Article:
Maude, with the happy buoyancy of youth, half forgot her trouble of
the night, while her colour came back with the needed food, and her
heart was cheered by Puck's pleasant chatter, so willing was she to
believe his prophecies of better days.

"You must stay here, Maude," he said, "until your father returns, and
till he has punished the wicked Earl for his malice. For you would not
be as safe, even in your father's protection, as here in this forest
retreat. So be patient, and I will give you back in time to your
friends, even to Gero, if he still lives, though that will be the
hardest thing of all. But I know now that he was worthy of you, or he
could not have fought as he did last night. It was nobly done!"

And the little fellow rubbed his hands with delight, which he felt, in
spite of himself, in thinking of that valiant defence.

"You would have been friends yet if he had lived," said Maude
tearfully. "Two such dear, good people could not have been enemies all
their lives."

Days and weeks passed by, and still Maude was kept in her place of
concealment. From time to time Puck went out to see what was going on
between the hostile noblemen. The report brought back was always the
same--"The Earl is sending out spies--I see them lurking in all
directions--to find out your retreat, for they seem to know that you
escaped the fire, or to suspect it from not finding your body among
the dead. He wants to take you now as a hostage against your father's
vengeance." Then, when Maude's cheek would pale at the words, he would
add, "But they cannot find you in the midst of this thicket."

So the maiden still stayed in the forest cottage, and if her grief
about Gero and her longing for her beloved father had not gnawed at
her heart, she could have been nearly as happy in the lovely valley as
she was once in her old home.

Puck was at work every morning by break of day, as if he wanted to
make up for a century of idleness, nor would he ever allow Maude to
share his household toil. But she sat spinning on the stone bench at
the door, while he bustled cheerily about the little cottage. Then,
when all the work was done, they would go into the wood, and it seemed
as if the old days had come back again. For they still lay on the soft
moss gazing into the shady trees while Puck told his marvellous
stories.

Autumn and winter came, and the leisure hours were spent now by the
cheery fire that burned on the clean-swept hearth. Never was there
such a servant or such a merry companion as the little faithful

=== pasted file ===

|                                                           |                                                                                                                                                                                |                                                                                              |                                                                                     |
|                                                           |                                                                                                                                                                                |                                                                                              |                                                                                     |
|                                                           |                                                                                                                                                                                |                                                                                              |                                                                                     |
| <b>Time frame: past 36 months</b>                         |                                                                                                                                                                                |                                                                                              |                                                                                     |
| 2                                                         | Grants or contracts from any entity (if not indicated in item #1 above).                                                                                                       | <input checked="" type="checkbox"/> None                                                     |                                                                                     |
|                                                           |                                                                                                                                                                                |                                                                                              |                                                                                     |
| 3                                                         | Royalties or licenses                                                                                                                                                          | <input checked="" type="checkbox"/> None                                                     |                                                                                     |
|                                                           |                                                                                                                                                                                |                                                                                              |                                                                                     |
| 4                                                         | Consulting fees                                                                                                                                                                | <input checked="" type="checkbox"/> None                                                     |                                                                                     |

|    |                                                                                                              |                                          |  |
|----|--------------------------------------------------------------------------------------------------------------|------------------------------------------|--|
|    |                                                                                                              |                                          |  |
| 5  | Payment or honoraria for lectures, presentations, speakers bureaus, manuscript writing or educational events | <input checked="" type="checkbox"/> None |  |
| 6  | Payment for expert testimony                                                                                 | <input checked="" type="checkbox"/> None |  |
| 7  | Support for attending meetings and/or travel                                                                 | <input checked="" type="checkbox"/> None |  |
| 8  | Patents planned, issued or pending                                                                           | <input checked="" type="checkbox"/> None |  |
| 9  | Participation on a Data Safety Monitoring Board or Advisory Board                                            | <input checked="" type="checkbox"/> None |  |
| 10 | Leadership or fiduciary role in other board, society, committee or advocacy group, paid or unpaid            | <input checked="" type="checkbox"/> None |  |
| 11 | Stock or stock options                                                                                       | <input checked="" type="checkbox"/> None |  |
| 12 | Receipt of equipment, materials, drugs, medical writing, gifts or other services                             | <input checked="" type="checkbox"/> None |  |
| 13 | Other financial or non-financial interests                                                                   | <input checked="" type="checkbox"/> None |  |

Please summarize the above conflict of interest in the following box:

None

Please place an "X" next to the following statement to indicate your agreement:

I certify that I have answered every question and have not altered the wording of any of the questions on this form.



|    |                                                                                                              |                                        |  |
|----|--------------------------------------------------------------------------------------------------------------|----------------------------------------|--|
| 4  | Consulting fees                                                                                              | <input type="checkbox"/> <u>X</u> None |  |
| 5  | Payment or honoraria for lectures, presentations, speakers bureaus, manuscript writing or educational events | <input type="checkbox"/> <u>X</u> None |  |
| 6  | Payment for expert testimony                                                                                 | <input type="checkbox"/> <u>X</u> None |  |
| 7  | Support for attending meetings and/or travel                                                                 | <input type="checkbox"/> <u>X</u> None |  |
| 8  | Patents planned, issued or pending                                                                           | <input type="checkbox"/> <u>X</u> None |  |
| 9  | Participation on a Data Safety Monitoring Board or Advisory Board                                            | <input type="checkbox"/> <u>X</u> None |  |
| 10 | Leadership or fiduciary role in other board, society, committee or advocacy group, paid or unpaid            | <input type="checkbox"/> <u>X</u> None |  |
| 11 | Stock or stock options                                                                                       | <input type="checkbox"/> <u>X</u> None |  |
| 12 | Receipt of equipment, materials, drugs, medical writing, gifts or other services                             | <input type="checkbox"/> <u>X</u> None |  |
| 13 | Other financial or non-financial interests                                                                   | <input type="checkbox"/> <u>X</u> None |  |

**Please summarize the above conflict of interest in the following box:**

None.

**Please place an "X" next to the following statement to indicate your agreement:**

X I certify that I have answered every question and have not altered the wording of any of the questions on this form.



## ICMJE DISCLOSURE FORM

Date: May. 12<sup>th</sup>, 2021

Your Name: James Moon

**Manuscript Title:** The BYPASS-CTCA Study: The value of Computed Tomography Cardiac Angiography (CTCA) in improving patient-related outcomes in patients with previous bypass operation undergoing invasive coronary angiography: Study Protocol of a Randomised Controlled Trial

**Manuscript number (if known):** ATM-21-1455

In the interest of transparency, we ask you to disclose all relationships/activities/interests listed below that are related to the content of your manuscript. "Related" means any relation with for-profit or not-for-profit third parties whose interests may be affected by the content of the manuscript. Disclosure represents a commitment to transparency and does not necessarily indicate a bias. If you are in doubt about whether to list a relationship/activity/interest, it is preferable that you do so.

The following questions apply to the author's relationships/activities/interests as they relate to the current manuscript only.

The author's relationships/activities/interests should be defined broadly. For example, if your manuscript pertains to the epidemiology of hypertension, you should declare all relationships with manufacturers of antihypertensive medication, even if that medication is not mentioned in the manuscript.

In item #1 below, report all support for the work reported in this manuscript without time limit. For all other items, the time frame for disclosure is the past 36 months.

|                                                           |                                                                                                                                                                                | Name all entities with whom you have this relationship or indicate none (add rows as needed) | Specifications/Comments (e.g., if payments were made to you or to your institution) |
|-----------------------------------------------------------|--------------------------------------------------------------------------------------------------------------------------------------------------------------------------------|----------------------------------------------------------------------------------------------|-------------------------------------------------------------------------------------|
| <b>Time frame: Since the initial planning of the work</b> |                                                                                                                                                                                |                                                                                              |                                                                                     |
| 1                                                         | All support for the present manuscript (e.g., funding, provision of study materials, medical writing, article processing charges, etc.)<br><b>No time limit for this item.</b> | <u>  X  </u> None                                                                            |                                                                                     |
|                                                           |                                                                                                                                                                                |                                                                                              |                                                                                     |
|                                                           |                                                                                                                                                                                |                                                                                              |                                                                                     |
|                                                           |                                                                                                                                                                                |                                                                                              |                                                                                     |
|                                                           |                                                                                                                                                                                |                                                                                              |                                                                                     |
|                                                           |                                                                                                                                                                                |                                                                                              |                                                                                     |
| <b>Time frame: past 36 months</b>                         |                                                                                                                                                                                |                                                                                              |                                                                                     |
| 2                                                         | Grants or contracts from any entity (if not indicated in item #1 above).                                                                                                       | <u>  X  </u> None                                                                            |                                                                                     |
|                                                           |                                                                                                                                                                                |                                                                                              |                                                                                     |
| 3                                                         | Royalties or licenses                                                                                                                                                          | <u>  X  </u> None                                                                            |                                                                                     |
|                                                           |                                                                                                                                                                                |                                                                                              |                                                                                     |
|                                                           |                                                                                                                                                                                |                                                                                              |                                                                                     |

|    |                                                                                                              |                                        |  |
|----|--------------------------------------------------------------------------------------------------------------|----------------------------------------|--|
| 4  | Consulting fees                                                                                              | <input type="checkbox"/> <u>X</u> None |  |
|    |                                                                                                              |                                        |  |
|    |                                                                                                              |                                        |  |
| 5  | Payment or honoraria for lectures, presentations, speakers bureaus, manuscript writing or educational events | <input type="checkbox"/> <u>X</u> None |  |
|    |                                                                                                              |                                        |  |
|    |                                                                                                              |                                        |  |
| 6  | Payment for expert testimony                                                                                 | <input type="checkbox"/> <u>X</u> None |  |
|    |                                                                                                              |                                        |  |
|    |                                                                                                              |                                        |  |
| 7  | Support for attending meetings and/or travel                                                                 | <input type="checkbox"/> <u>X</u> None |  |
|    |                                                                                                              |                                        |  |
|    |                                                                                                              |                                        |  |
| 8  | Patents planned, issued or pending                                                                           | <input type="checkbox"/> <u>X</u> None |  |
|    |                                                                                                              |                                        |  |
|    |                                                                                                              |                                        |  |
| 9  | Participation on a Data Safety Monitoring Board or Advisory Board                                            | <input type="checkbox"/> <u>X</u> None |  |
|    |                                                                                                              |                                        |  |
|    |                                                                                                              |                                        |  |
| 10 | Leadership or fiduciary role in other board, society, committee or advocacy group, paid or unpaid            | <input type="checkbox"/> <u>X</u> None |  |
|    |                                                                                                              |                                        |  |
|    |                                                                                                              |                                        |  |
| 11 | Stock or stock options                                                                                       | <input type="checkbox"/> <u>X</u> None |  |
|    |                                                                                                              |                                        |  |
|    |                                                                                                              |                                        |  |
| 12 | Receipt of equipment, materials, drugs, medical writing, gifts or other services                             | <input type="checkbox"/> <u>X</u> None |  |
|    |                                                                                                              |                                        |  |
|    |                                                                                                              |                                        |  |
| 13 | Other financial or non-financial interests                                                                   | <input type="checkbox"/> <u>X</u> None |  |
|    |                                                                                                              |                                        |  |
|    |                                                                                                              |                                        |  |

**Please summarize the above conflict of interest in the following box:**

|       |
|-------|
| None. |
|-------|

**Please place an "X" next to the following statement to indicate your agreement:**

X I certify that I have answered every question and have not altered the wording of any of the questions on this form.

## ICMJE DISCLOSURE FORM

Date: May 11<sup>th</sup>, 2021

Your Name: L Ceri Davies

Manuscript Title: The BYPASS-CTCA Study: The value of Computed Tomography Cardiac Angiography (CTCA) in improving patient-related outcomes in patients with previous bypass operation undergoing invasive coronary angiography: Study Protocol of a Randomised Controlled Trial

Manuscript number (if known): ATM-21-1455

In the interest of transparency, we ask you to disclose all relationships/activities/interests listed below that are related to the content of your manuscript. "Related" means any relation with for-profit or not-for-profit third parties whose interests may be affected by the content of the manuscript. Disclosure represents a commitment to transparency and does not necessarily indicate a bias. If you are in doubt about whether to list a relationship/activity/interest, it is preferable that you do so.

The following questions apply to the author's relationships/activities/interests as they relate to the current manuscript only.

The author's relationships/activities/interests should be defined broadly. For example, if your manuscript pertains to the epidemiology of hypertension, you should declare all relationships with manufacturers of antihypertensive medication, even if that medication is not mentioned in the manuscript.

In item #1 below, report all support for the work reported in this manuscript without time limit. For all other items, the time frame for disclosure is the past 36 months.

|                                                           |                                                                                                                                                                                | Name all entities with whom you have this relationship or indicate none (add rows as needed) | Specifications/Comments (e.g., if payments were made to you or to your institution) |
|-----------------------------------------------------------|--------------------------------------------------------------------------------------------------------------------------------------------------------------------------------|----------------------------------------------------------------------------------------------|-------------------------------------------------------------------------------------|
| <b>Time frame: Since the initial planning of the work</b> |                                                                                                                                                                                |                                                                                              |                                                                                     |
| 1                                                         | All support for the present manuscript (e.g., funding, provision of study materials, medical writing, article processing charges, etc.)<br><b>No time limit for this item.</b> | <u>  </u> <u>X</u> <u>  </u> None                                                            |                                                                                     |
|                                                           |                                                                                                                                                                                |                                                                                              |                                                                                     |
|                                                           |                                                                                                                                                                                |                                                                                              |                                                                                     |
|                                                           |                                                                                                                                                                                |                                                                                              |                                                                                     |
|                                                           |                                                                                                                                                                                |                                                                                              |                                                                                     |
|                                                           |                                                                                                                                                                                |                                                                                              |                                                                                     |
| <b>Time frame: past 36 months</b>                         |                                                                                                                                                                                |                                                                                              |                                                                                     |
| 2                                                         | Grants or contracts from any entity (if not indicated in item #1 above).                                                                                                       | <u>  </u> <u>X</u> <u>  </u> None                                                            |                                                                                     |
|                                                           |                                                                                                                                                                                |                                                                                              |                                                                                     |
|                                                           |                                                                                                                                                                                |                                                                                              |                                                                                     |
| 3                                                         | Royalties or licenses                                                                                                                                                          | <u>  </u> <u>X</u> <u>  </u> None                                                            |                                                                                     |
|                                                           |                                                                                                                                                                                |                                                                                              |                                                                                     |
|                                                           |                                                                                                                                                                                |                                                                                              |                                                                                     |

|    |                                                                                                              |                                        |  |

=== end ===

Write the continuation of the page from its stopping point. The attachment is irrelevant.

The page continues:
goblin.

At last spring came. And now Puck went away every day to see what was
going on at the wicked Earl's castle, for Maude's father had laid
siege to his enemy's stronghold, hoping to force him to give up the
dear one whom he believed to be imprisoned within those walls. Puck
never let the sorrowing father know of his child's safety, for he did
not wish her to be removed from his protection till her powerful enemy
had been reduced by war, or even slain.

As the wood grew greener, the hopes of the besiegers waxed daily
brighter. The fall of the castle was sure, and its defence could last
but a few days longer.

This was the news which Puck brought home one day as he came to the
noonday meal, and when he again went out to get further information,
or, if possible, lend, unseen, a helping hand to the besiegers, Maude
sat on the stone bench before the cottage, and tried to busy her
trembling fingers with her spinning. But Puck was longer absent than
usual, and she asked herself anxiously should she regard it as a good
sign or the contrary.

At last she could stand it no longer. She rose and went along the
narrow path by which she had come to her place of refuge. She had
never before ventured alone through those forest shades; but the birds
sang sweetly as she passed along, and she thought their cheerful
voices bid her hope.

Soon she came to the scenes familiar to her from her childhood. Here
was the place where Margaret used to sit and rest, and there--what
memories filled her soul with sad emotion!--there was the old
oak-stump on which she had sat by Gero's side, as he told her of the
great world of which she knew so little. And now the eloquent mouth
was silent, and her faithful page had fallen in her defence, for
Puck, in all his journeys to the castle, had never seen Gero among the
besiegers.

She leant her head against a tree-stem, and wept long and bitterly.